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Fibromyalgia – a New Context

January 7th, 2010

The context in which we look at an issue can make a huge difference in our way of perceiving and interacting with the issue. When I began exploring the on-line world of support for Migraineurs and chronically ill folks, I came very early upon Teri Robert’s site, Help for Headaches, and there on the site, she had this badge:

I wondered at the time, was this really empowering, to emphasize having a disease? It is a disease, but we can have an impact on our own health by developing an awareness of our own systems, and learning to relax and calm their reactivity. I had spent some years learning that myself and that’s what I wanted to share with others.

The more I looked at it, though, the more I got Teri’s point. I realized that for the many of us who have had our condition minimized and scoffed at, the recognition that we have a disease is empowering. Our problems are real, and biologically based; our pain is real. We live with the consequences of having a hyper-reactive nervous system. For those of us who have wondered what was wrong with us, if we were crazy, if we were somehow bringing the pain upon ourselves, it is empowering to recognize that we have a disease, not just a headache! Starting from the context of a disease, we can learn about it, learn what impacts our disease for better or worse, learn to manage the disease, and to manage our life with the disease. Acceptance is the first step, and gives us a foundation to build on. It makes it possible to move forward. We can say, “Okay, I have this disease. Now what? What am I going to do about it?”

For over 15 years, since I was pregnant with my son in the fall of 1994, I have been living with fatigue, lassitude, body aches, on and off difficulty concentrating, frequent sinus infections, difficulty fighting off disease, and, in the last 10 years, ever increasing Migraines. I have gone down many paths to address these issues. With regard to the Migraines, I learned a great deal about the disease, worked with doctors to find medication and supplement combinations that helped me, and learned to practice relaxation to calm my system. My Migraine frequency is down considerably. Not so the fatigue and general pain issues, however. I have tried many different nutritional regimens, and learned a lot about what foods are most helpful to my body. I have gone great lengths to balance my hormones, and have definitely seen an improvement in my overall health and stamina through doing that. No matter what I did, however, the fatigue and pain issues did not change much.

Many people with Migraine also have Fibromyalgia, and as I got to know more people with Migraine I heard a lot about the other disease as well. My reaction for quite a while was, “Oh, I probably have that one too, but I don’t want to know about it.” It felt overwhelming to me to have to deal with another diagnosis. I practiced active avoidance. Then I saw Dr. Young at Jefferson Headache Center and he listened to me talking about my fatigue, and he pressed the Fibromyalgia tender points, and I gained a new context. Thanks, Dr. Young!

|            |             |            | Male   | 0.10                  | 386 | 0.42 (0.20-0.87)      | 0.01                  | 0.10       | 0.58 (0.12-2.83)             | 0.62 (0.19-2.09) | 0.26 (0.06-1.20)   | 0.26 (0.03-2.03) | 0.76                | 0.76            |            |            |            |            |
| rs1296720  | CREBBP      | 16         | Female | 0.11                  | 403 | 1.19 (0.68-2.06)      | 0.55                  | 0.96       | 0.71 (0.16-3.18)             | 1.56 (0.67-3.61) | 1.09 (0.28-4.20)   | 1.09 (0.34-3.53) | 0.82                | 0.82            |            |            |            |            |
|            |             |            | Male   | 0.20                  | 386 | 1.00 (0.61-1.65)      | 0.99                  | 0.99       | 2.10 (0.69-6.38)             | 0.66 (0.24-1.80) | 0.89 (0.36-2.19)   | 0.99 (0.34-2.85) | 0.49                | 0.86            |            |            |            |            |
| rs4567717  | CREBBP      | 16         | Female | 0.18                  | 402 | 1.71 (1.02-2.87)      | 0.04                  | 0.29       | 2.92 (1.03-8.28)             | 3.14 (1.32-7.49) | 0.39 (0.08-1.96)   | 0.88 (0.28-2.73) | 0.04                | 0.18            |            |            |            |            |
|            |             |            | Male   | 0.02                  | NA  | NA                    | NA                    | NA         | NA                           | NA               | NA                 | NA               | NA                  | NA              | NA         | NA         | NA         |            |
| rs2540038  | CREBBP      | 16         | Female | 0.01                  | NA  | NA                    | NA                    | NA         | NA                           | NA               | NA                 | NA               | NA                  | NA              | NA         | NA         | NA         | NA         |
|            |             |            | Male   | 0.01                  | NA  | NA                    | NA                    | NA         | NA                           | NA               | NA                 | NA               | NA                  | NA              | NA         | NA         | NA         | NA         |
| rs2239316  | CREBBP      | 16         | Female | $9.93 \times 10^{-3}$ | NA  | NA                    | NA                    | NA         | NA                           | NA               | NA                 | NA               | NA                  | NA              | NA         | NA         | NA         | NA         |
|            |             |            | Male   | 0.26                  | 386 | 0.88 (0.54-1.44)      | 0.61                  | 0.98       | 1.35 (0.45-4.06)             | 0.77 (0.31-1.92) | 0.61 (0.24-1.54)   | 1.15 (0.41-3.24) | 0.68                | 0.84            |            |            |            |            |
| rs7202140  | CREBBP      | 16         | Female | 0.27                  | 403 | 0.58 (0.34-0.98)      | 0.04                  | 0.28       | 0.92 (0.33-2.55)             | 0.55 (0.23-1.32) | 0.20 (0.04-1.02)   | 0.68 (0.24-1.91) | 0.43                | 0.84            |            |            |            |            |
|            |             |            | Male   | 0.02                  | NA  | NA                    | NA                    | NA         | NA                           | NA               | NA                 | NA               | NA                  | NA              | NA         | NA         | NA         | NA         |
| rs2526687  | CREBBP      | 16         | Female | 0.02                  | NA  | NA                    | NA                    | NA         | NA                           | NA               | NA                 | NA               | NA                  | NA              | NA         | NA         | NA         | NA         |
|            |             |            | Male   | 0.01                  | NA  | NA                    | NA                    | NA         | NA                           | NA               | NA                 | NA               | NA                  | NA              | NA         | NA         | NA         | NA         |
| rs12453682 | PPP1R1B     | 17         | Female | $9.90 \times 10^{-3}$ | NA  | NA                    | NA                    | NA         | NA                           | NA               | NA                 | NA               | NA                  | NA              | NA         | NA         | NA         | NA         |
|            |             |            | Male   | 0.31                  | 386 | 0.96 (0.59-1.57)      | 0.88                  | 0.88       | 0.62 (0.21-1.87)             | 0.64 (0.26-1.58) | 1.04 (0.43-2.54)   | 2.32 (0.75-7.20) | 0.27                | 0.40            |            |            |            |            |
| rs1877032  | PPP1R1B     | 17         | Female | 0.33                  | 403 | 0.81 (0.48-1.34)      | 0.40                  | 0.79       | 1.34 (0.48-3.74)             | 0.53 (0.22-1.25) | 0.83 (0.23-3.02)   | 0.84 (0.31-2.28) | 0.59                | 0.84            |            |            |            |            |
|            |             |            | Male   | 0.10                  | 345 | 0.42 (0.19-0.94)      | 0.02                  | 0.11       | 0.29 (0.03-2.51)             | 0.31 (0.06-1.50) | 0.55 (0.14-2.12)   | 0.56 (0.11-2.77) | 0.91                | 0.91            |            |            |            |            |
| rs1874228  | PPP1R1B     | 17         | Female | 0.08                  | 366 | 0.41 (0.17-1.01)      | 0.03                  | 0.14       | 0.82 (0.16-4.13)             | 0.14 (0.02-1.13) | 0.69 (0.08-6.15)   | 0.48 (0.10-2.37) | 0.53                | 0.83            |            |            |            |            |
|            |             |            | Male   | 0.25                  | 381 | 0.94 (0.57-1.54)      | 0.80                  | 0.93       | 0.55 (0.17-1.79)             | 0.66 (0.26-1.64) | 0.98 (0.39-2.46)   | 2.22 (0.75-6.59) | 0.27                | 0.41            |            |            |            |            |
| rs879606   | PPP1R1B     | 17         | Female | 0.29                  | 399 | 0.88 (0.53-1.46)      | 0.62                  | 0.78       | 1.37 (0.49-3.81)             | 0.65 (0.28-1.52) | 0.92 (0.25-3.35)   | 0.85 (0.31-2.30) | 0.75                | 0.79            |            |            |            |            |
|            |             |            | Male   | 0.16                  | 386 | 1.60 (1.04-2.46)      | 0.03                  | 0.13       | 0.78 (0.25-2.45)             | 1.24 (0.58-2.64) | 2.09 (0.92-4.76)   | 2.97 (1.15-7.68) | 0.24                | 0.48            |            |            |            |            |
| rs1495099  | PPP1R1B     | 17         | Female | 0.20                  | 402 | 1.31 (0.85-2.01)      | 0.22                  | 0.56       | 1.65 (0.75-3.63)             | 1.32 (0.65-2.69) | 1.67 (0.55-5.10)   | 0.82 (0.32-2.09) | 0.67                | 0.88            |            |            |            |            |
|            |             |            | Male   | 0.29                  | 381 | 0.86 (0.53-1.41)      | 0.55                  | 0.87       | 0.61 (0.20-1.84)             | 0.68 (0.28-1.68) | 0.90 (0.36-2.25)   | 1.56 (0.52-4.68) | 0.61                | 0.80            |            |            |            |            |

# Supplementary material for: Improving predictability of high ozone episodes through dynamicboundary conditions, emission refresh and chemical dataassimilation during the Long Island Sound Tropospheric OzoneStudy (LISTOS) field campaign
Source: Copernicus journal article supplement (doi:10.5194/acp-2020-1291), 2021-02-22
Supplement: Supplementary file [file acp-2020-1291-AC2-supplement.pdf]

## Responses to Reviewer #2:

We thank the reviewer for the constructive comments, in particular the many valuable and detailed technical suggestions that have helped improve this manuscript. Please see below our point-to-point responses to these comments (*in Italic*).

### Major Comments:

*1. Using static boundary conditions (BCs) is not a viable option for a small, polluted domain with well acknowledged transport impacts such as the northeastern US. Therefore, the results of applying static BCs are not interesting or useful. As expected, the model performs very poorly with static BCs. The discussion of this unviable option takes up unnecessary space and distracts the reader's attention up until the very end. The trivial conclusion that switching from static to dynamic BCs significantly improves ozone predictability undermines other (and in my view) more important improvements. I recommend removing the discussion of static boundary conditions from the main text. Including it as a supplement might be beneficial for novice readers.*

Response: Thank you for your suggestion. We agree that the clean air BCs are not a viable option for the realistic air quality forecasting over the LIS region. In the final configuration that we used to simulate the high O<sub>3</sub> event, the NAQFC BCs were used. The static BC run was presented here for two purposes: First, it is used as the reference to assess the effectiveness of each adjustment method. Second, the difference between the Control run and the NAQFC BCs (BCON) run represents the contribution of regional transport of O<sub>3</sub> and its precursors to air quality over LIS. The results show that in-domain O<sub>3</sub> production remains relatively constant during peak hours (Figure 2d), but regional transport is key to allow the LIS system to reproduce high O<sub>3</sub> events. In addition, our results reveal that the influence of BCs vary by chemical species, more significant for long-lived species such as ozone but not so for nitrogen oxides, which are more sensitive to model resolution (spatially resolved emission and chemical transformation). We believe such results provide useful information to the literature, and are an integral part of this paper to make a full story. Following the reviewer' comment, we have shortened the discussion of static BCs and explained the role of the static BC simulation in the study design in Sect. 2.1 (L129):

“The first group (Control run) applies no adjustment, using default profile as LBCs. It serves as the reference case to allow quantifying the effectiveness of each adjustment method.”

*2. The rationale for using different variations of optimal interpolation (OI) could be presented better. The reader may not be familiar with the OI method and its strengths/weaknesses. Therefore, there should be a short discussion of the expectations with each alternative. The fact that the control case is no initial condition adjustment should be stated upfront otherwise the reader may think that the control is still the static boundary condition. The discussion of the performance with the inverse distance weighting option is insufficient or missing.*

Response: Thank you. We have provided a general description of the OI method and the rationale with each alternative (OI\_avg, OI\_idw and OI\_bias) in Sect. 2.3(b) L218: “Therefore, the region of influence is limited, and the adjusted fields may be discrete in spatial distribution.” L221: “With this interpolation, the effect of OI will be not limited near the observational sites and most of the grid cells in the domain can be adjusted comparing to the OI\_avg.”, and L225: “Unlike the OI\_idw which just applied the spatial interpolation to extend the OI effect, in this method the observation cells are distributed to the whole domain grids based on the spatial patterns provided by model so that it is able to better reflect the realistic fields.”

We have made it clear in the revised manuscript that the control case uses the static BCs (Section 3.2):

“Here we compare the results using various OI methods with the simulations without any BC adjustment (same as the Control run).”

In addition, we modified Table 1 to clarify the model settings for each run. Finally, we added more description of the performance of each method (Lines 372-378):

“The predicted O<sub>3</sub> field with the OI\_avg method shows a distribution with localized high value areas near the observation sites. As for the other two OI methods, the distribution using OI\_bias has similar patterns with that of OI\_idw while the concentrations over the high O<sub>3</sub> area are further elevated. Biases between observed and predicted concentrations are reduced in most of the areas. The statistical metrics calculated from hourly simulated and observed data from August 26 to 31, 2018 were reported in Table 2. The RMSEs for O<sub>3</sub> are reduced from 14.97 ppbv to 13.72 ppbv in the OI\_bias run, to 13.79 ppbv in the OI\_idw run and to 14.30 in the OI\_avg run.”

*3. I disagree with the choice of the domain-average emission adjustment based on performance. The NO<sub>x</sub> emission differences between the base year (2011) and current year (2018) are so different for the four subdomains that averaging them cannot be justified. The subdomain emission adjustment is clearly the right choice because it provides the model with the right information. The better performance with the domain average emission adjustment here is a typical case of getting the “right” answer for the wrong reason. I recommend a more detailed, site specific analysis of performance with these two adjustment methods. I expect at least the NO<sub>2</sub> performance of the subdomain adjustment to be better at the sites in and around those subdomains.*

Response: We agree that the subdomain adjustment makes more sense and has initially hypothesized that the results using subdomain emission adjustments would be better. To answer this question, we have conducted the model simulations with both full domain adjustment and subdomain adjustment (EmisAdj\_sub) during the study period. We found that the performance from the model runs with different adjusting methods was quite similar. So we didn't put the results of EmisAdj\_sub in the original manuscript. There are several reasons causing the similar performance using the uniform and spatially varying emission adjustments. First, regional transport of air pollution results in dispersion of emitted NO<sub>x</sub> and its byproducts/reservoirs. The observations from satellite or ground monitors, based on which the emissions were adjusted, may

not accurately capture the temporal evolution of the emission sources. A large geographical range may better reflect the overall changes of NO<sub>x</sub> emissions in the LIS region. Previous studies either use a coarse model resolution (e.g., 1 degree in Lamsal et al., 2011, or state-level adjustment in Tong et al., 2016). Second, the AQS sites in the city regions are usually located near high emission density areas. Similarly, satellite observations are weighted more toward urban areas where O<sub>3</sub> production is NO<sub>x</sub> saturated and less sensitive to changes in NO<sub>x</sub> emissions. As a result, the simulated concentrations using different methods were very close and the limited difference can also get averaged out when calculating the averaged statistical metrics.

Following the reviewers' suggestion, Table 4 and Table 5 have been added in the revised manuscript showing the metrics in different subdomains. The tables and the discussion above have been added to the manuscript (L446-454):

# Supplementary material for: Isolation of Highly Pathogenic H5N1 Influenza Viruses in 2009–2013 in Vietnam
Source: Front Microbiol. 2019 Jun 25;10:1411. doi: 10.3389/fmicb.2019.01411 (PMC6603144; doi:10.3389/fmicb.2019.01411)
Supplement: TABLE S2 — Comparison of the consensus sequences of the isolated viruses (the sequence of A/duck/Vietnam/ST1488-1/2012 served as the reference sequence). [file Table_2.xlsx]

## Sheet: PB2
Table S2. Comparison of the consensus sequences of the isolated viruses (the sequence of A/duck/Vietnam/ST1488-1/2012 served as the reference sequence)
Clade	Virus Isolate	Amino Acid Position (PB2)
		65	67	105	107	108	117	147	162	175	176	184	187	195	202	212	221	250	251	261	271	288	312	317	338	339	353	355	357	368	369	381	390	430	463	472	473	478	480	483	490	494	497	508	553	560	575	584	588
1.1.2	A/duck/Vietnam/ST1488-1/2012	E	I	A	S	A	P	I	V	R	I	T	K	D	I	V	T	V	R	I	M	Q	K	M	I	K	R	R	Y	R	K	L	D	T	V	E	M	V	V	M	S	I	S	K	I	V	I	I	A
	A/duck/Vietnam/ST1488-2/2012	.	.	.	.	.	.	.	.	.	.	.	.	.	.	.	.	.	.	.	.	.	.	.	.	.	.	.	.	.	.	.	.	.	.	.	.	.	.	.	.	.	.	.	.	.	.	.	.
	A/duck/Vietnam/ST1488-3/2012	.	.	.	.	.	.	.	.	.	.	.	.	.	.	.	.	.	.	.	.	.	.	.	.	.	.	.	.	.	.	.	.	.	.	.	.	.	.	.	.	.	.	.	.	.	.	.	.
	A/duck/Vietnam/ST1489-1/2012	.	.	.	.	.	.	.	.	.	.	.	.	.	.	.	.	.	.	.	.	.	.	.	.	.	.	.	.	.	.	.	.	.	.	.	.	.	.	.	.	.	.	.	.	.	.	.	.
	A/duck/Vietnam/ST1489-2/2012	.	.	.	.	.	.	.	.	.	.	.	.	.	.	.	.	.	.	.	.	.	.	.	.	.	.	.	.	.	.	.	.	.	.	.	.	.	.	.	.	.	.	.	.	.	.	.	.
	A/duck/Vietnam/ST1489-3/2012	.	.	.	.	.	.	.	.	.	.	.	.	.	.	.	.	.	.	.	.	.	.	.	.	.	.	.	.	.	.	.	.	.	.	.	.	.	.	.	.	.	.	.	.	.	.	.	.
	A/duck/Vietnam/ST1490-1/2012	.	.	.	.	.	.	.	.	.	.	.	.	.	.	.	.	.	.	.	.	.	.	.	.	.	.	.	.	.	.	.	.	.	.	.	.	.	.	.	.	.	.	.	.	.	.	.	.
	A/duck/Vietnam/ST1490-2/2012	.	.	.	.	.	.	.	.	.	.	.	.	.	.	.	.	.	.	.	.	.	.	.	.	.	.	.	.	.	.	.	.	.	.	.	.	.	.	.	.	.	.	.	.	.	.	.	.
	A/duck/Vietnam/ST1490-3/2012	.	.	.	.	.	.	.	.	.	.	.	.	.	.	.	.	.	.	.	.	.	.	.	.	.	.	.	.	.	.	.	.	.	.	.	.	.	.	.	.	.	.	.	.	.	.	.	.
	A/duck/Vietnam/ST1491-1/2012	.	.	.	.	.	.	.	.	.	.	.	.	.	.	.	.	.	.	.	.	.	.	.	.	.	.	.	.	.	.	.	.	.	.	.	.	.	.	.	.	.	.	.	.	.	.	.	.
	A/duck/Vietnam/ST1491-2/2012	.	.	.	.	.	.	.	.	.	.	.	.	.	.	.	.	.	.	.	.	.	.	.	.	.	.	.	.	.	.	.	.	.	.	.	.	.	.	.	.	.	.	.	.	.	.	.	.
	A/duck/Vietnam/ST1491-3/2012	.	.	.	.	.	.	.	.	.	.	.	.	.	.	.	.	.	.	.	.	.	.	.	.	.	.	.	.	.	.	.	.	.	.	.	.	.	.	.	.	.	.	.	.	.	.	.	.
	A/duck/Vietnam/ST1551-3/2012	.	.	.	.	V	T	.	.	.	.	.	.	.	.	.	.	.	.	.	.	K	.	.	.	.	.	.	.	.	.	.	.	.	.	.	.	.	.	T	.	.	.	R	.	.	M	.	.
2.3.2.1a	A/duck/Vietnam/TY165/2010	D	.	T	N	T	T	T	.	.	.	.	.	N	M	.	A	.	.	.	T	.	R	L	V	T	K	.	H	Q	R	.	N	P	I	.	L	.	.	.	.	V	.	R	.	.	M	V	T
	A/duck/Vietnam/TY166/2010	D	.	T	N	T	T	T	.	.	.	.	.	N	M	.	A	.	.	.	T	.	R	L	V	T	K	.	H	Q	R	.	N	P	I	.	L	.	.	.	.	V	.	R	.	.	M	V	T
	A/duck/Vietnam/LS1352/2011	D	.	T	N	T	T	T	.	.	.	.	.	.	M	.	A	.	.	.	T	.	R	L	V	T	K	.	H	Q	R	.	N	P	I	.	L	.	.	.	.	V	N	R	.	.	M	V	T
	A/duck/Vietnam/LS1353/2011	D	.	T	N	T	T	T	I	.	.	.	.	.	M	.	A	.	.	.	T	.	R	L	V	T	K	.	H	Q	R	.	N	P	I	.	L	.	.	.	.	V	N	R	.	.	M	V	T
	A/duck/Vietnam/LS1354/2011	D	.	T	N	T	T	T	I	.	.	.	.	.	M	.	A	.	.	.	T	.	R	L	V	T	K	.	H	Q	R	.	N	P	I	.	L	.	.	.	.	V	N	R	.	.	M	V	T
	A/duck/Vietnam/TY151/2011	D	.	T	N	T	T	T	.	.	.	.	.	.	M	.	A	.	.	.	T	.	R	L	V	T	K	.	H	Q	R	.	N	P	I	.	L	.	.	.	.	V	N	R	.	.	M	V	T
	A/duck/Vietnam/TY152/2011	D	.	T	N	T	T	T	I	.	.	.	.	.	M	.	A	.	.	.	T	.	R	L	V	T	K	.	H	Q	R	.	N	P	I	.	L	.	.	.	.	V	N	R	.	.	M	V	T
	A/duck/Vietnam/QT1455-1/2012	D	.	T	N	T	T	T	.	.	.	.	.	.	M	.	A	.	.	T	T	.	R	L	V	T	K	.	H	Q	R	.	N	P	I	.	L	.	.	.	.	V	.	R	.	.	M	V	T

I’m not kidding with the thanks. It was just like Teri’s badge above, the pieces of a puzzle came together. I already knew that my central nervous system had some serious processing issues, well this was just another manifestation of that. In addition to having my neurons fire off and produce Migraines in reaction to certain stimuli, I have an increased reaction to pain and exertion. If I bang my elbow, the pain moves out in ripples from the point, increasing for a time like an echo in an echo chamber. If I expend more muscular energy than usual, my muscles ache for days as if I had the flu. If I am active and push myself either physically or mentally, I have a kind of fatigue that is beyond tired; it is the bone-weary exhaustion of someone who has been pushed beyond the limits of their endurance.

I have gained a lot from the context of having another disease – Fibromyalgia. I have gained a community of fellow sufferers, who care, who understand, whose wisdom and experience are available to me. I have gained the relief of knowing that I am not lazy, or losing my mind, or fundamentally bad, I am a person with a(nother) disease. And this context helps me to find solutions. I know now that stretching helps, and I can push myself to stretch when my muscles hurt and I really don’t want to. I know that my fatigue is not something to fight or to cover over with caffeine, but that it is a signal to rest. I know that getting some gentle exercise each day, and gradually increasing my exertion, will help me. I know that there will be better and worse days, but that each day can be handled, one at a time.

I haven’t posted for a while, and I’m glad to say that my new Migraine preventive is helping a great deal. My Migraine frequency is down by about 60% over the past few months. The medication also helps to damp down my anxiety and makes me very sleepy. It seems to increase my REM sleep, which is a sleep stage that Fibromyalgia often steals away. Sleeping better definitely impacts the Migraines; it also makes me less fatigued and less anxious. So at the same time that I have taken on this new diagnosis, Fibromyalgia, I have seen some of its symptoms decrease.

I’m learning this one. It’s a listening to my body, to my inner sense of myself, in a new way. Similar to the way I already listened, a familiar tune but in a different key, perhaps. The biggest gain from the new context is another level of self-acceptance. I am not a bad person trying to be good; I’m just a sick person learning to be as well as possible.

- Megan Oltman

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Posted in Communicating, Managing, Musings | Comments (0)

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